Sunday, May 26, 2024

Economist Optimistic as Zambia’s Economy Navigates Healing Stage


In a recent interview with ZNBC News, Amos Chibinga, a prominent economist based in Livingstone, has shed light on Zambia’s economic trajectory, suggesting that the nation is now entering a healing phase following the challenges of over-borrowing and the disruptive impacts of the COVID-19 pandemic.

Chibinga emphasized that prior to the assumption of office by the New Dawn government, Zambia’s economy had been significantly hampered by debt burdens and the widespread effects of the global health crisis. However, he noted several positive indicators that signify a shift towards stability and recovery.

One of the key factors highlighted by Chibinga is the observed steadiness in real Gross Domestic Product (GDP) growth, coupled with what he perceives as prudent management of public resources by the current administration. Additionally, the restoration of social order contributes to a conducive environment for economic growth, painting a promising picture for Zambia’s future.

Acknowledging the current high cost of living, Chibinga remained optimistic, asserting that there is ample room for Zambians to anticipate an improved economic landscape. Nevertheless, he cautioned that as an emerging economy, Zambia remains vulnerable to external shocks, particularly those stemming from global phenomena such as climate change.

Despite these potential challenges, Chibinga expressed confidence in Zambia’s ability to sustain positive economic growth, citing revived investor confidence in the mining sector spurred by the fiscal policies implemented by the UPND-led government. He highlighted the country’s improving credit rating as a significant factor expected to attract cash injections in the form of grants and bilateral deals in the near future.

Furthermore, Chibinga commended the government’s decision to remove excise duty on maize imports, describing it as a commendable short to mid-term solution that is poised to alleviate the cost burden associated with staple food items like mealie meal.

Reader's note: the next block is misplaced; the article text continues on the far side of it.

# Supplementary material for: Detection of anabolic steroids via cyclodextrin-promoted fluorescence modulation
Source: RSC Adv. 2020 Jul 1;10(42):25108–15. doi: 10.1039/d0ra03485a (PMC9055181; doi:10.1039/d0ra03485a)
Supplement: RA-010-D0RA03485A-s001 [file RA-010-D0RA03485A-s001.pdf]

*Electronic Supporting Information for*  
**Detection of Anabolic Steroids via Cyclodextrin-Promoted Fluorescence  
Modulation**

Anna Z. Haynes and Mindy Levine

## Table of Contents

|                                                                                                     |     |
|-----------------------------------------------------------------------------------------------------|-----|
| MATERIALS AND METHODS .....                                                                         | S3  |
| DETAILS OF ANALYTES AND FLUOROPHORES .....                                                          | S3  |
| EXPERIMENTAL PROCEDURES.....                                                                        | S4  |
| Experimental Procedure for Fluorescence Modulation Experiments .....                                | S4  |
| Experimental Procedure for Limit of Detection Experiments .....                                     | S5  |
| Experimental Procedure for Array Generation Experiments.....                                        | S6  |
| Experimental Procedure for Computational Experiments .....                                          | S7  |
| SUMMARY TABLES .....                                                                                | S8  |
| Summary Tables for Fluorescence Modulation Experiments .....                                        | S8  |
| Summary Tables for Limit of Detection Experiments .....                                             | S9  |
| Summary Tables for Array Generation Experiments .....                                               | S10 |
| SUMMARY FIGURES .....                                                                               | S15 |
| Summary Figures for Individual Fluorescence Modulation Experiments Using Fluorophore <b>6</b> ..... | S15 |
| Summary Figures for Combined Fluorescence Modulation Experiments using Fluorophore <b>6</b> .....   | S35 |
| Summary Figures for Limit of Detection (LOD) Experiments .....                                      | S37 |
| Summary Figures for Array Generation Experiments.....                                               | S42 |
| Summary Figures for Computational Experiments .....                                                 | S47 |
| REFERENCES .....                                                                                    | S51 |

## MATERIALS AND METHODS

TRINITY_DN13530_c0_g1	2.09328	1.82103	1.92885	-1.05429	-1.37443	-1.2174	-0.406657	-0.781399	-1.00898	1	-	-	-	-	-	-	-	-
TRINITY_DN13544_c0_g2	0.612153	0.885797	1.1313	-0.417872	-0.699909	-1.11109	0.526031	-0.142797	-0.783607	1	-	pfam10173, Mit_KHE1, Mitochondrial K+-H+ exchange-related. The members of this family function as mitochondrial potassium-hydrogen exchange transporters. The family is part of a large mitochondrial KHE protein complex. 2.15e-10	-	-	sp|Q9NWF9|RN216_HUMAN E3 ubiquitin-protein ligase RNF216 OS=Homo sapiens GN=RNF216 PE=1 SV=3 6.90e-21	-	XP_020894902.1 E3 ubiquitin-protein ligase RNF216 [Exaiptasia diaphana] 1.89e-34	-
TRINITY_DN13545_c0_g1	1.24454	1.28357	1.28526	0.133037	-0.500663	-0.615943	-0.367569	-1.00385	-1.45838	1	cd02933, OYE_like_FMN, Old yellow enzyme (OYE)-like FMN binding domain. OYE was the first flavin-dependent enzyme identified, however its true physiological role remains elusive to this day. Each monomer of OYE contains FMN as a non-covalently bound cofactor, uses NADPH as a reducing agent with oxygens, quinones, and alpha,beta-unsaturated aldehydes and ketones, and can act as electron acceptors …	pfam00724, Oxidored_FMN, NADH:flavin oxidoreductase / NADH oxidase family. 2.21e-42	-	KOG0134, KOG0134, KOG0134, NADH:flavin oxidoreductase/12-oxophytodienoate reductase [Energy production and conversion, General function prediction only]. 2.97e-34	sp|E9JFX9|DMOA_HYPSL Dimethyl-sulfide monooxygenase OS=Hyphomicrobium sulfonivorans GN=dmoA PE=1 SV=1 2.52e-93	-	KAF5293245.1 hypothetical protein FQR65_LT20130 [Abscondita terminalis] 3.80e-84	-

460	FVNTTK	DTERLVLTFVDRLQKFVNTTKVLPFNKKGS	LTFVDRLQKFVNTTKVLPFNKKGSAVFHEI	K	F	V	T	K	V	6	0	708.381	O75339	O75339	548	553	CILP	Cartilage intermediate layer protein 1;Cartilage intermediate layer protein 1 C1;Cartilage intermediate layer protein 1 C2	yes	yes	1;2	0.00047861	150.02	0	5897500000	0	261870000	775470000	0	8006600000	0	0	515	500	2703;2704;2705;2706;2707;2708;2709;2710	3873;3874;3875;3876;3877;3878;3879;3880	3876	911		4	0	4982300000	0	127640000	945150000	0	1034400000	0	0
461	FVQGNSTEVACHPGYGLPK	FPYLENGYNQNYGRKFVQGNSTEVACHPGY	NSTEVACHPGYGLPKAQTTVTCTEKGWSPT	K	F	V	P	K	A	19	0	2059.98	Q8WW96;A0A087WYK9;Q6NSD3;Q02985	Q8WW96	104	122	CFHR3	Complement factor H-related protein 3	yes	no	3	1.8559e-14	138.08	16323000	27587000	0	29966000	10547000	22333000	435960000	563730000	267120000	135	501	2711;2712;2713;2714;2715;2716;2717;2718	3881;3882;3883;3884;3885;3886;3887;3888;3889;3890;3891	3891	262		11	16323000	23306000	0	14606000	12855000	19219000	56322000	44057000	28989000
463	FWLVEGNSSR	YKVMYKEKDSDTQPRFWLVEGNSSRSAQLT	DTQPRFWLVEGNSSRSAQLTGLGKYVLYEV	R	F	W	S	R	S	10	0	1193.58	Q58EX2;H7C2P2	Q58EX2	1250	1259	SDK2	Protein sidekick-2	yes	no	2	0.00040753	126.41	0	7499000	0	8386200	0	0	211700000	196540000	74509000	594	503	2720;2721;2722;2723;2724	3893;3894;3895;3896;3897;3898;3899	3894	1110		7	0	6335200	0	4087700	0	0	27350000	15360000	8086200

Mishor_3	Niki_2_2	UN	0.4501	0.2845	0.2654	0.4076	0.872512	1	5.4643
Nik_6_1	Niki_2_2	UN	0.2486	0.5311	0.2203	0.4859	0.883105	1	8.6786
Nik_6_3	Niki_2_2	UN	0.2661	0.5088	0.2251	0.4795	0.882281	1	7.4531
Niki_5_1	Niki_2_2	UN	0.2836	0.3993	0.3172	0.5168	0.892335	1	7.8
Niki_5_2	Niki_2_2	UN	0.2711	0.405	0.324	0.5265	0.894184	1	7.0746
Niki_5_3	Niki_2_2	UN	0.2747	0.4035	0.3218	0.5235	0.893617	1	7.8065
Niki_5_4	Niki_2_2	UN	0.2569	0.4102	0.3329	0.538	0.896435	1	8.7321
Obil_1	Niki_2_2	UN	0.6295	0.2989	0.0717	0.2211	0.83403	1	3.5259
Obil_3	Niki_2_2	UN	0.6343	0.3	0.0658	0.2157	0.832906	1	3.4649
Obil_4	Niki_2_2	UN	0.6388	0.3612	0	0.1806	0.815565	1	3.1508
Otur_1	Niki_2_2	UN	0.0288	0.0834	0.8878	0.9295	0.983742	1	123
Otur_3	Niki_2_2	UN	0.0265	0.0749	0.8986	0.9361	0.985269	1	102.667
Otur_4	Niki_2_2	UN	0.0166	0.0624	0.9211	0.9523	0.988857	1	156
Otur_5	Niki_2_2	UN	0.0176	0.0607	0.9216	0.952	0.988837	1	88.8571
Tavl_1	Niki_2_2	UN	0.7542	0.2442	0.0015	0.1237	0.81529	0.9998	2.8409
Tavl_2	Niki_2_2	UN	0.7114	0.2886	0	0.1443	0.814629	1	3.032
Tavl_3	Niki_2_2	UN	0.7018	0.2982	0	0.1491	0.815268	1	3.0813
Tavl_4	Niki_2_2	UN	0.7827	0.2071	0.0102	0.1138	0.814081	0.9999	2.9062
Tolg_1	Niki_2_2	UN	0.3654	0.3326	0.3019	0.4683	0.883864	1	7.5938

1. Zambian economists like making empty statements. The IMF has given a honest view of Zambia’s economy with specific figures. From a projected 5.7% growth downgraded to 2.4% with some reasons being non taxation of the mines, heightened corruption, wastefulness and effects of the partial drought as the causes of the underperformance. What’s this malaca talking about?

    • Dont you also make empty statements.Give the source of your IMF report so we can access it as well.IMF can give a lot of reports on various aspects of Zambian economy

    • The common mistake is to think of the Zambian economy as if it’s a developed market economy where you’re just engaged in cruise control, that is, stepping on the gas occasionally, braking gently, indicate to turn left or right etc. This is a mistake because it’s not a built economy. We still have a lot of building to do in Zambia in order to have a decent economy which can respond to signalling from the central bank’s monetary policy. In a house that is still under construction, there are no lights to turn on because they’re yet to be installed. The same for our economy. Much of the policy signalling is not that helpful.

  2. These fake praise singer economists are part of the problem..they just open their mouths to appease fellow gullible praise singers….if you’re doing business in Zambia thats when you will realize that things are messed up…..the problem is we’re dealing with a demagogue President who is fooling Zambians every single day …he brought in fake Arabic Mining investors and made backroom deals for himself and his minions….ALL THE MINES SHOULD BE ZAMBIAN OWNED 100% AND WE SHOULD ROOT OUT CORRUPTION AND THEFT OF PUBLIC RESOURCES…..thats when we will see our economy start to improve

  3. There is NO HEALING STAGE AS ZESCO is about to bring this country to its knees
    This has to be tackled now by the president and should not listen to the lies being pushed out by them
    Look at the dam leveles 13% !!! so we can look forward to more issues next year

  4. he is an economist hence his free to come up with his own analysis, if you feel he can do better, don’t oppose, rather come up with a better one you feel can be effective. on the other hand, I personally feel not taxing the mines worse off at this point where majority of the shares now is with foreign firms is a disadvantage to us .. look at our competitors (congo), it has unstable environment for investors, but they are still trading in mines with a good number of investors without a break in tax, now what is he logic with the government not taxing mines now?

  5. Everyone now is either an economist or a energy expert. Even the local vendor will tell you when tomato price will go up and when it will go down. Same with illegal fuel dealers selling fuel.

  6. It doesnt need an energy expert to fore see the future on the energy crisis
    common sense should have told them with Kariba at 20% last year and before some load shedding of say 2 hours would have saved us from this 8 and later 10 or 12 hrs
    Its called prudent management !!! which Zesco leaders are lacking and should be fired
    If HH doesn’t address the nation on this and take control he will get reprecussions


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